As a caregiver, there are many things to consider on a daily basis. And if you are just starting out, it can be overwhelming to develop a new daily routine while making sure your loved one gets the care and attention they need. Our elderly caregiver resources are designed to help get you on track and give you the information and support you need.
Whether your loved one is being discharged from the hospital or transitioning to a new housing arrangement, it is essential to determine how to safely address the needs of the senior in your life while also taking into account the dynamics of your family and, if applicable, your work schedule. Generally speaking, your loved one will have basic needs such as housekeeping, transportation, food preparation, and companionship. They may also have more complicated needs, including help with their medication. In this case, you should discuss a plan with their primary care physician of sorting and distributing your loved one’s medication. Your loved one’s PCP will also be a great senior caregiving informational resource.
We recommend first assessing every single need that your loved one may have and estimating how much time a week these needs require. Next, consider your own schedule – how much time do you require for yourself? Don’t forget to include downtime, too, as caregiver burnout is a serious issue. Finally, try to create a schedule that fits both your loved one’s and your own needs. If you have other loved ones who can help out as well, be sure to include them and see what tasks they can handle. Remember, you don’t have to do everything alone. And If they are still able to make decisions about their care, include your loved one in these discussions. For a more in-depth, step-by-step guide, checkout our Creating a Senior Caregiver Plan Checklist below.
Still have questions about how to get started? A geriatric care manager can be a great resource for caregivers of the elderly. A care manager can help you in assessing the most pertinent needs of your loved one and prioritize accordingly.
It’s also important to take any variables in mind when creating a senior caregiving schedule. You may always work Monday-Friday, but what about when you go on vacation? Or what if an emergency comes up and you can’t be at your loved one’s place? Your loved one’s situation may also change.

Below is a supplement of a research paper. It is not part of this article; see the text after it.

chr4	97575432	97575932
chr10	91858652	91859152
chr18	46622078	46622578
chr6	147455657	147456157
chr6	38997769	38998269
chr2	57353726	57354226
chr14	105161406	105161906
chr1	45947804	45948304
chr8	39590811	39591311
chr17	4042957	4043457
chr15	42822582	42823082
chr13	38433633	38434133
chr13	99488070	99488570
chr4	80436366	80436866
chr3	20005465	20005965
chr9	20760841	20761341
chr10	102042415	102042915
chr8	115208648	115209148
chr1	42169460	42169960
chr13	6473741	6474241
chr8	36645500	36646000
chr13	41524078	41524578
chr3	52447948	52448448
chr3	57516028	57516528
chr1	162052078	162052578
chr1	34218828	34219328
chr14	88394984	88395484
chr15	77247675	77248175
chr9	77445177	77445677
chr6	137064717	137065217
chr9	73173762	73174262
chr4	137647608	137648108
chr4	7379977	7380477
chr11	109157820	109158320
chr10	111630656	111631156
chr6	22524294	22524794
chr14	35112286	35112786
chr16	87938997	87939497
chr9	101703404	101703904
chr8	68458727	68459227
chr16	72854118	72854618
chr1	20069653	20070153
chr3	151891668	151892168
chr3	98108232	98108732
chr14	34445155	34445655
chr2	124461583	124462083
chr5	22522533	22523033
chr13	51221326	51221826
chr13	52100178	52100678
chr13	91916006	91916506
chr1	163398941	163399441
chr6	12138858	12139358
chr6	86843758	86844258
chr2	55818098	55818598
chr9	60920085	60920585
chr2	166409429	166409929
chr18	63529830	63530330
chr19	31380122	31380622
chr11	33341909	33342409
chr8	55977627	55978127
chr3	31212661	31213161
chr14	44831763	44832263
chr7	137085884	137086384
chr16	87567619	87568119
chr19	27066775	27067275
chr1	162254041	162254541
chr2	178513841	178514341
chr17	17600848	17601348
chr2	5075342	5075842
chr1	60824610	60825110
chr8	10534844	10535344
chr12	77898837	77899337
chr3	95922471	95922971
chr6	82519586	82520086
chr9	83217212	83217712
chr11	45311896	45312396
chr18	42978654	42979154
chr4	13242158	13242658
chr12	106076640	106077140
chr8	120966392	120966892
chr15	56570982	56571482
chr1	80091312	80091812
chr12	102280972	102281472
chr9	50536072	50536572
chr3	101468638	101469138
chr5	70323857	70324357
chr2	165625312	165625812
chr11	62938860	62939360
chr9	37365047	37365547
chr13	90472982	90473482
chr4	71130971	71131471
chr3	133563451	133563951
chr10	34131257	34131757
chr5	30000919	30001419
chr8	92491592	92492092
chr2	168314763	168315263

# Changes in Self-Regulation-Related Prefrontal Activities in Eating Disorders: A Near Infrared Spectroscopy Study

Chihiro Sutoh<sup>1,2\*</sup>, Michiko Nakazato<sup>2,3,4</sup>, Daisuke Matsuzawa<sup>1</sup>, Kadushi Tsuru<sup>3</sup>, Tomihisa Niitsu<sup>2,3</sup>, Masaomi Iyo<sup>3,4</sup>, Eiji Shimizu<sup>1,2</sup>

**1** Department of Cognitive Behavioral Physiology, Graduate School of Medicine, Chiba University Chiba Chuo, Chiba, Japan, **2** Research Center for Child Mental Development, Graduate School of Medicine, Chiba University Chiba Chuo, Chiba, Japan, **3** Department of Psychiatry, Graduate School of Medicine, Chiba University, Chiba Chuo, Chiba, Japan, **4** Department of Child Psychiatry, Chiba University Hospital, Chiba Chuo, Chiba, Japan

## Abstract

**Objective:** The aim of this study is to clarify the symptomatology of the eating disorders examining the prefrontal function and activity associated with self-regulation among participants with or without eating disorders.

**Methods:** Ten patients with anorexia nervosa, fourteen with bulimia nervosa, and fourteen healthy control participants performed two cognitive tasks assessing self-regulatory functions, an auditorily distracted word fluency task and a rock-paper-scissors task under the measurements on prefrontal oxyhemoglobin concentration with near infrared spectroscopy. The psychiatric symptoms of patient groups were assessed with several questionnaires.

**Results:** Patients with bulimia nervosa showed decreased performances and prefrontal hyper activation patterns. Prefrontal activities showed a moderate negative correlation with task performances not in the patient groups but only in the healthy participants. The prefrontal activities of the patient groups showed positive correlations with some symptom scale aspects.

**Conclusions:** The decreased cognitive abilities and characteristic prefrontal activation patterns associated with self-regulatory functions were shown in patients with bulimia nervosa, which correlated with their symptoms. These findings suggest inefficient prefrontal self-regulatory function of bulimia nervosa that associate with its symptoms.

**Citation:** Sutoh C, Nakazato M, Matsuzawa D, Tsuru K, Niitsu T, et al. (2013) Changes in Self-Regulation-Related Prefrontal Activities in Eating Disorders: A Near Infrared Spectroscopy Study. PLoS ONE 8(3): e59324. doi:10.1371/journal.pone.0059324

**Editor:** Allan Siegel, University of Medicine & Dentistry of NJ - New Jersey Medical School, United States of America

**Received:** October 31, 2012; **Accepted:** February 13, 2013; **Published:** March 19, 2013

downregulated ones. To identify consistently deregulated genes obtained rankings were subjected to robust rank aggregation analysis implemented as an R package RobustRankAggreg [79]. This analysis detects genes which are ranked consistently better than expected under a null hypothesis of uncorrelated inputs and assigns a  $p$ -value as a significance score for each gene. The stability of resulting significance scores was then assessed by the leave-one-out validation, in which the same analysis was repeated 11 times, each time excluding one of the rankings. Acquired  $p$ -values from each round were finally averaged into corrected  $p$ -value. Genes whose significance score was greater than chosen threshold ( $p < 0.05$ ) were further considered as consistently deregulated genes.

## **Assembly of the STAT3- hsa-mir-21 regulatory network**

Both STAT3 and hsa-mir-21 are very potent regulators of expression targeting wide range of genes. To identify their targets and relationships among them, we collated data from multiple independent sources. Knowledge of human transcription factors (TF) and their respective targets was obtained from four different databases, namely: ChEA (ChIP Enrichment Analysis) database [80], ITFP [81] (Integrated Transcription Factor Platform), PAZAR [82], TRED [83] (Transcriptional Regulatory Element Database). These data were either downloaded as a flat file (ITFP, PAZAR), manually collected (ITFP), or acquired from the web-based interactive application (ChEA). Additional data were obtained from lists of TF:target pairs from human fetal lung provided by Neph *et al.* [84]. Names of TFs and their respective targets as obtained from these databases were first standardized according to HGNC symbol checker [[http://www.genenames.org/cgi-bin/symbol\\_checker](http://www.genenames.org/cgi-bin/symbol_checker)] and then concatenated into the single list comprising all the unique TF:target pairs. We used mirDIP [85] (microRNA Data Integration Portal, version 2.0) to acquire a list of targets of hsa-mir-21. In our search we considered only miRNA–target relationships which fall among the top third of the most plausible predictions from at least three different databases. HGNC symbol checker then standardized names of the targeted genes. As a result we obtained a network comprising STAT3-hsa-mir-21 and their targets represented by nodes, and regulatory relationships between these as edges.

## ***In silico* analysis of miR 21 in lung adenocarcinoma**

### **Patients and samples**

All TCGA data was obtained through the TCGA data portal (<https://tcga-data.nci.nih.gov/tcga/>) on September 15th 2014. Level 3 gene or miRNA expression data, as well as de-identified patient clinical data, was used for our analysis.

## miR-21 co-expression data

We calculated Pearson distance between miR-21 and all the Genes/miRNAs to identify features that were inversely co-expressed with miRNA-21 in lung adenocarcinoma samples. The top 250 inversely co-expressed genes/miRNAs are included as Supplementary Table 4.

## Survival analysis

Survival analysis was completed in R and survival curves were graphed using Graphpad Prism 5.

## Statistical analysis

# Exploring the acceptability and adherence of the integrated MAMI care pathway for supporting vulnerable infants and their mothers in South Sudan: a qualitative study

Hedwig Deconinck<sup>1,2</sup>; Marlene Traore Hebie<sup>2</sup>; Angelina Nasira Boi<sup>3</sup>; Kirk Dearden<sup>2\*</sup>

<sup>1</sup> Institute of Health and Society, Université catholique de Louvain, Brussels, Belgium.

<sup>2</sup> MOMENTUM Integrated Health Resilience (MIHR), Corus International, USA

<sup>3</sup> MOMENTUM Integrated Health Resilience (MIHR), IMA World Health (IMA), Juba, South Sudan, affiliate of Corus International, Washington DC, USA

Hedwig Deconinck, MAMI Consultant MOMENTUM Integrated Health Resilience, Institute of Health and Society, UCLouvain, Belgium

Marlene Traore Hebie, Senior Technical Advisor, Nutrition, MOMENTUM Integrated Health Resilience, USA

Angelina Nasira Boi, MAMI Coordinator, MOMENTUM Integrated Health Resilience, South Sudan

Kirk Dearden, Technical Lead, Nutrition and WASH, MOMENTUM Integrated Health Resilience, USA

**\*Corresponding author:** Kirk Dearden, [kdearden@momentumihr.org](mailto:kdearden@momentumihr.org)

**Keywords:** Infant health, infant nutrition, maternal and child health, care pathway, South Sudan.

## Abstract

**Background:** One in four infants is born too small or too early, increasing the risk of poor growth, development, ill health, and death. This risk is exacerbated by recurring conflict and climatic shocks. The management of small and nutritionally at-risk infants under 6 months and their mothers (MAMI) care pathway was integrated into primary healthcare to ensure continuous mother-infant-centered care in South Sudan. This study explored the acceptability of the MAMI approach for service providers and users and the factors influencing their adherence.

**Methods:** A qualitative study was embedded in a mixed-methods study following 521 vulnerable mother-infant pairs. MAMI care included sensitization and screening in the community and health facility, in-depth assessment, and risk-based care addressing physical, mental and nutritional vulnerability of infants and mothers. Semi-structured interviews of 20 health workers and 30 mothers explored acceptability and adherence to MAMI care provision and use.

Be aware that overtime needs may change because of health and financial requirements, changes in your personal life and living arrangements, introduction of monitoring tools and coordination with medical providers and other outside care providers. But developing a caregiving plan and installing the proper supports can ensure that any disruptions are minimal.
Creating a Senior Caregiver Plan Checklist
The following step-by-step senior caregiving checklist may be helpful to you when planning how to best meet the needs of the senor in your life. Remember each situation is unique and some points may not apply. Consider this as a basic resource for an elderly caregiver who is looking to get started.
1. Assess type of living arrangement needed.
Will the senior continue to live in their home or downsize and move to a one floor apartment, senor community, long-term care facility, or assisted living center? If your elderly loved one will stay in their own home or move into a family member’s, modifications may be needed to help keep them safe. For example, a shower rail may need to be installed in the bathtub. Go through your loved one’s home and consider every possible situation they may encounter, and consider what home updates would be necessary. A geriatric care manager can be very helpful in identifying what changes should be made and can recommend trusted products and companies who can help put the changes in place.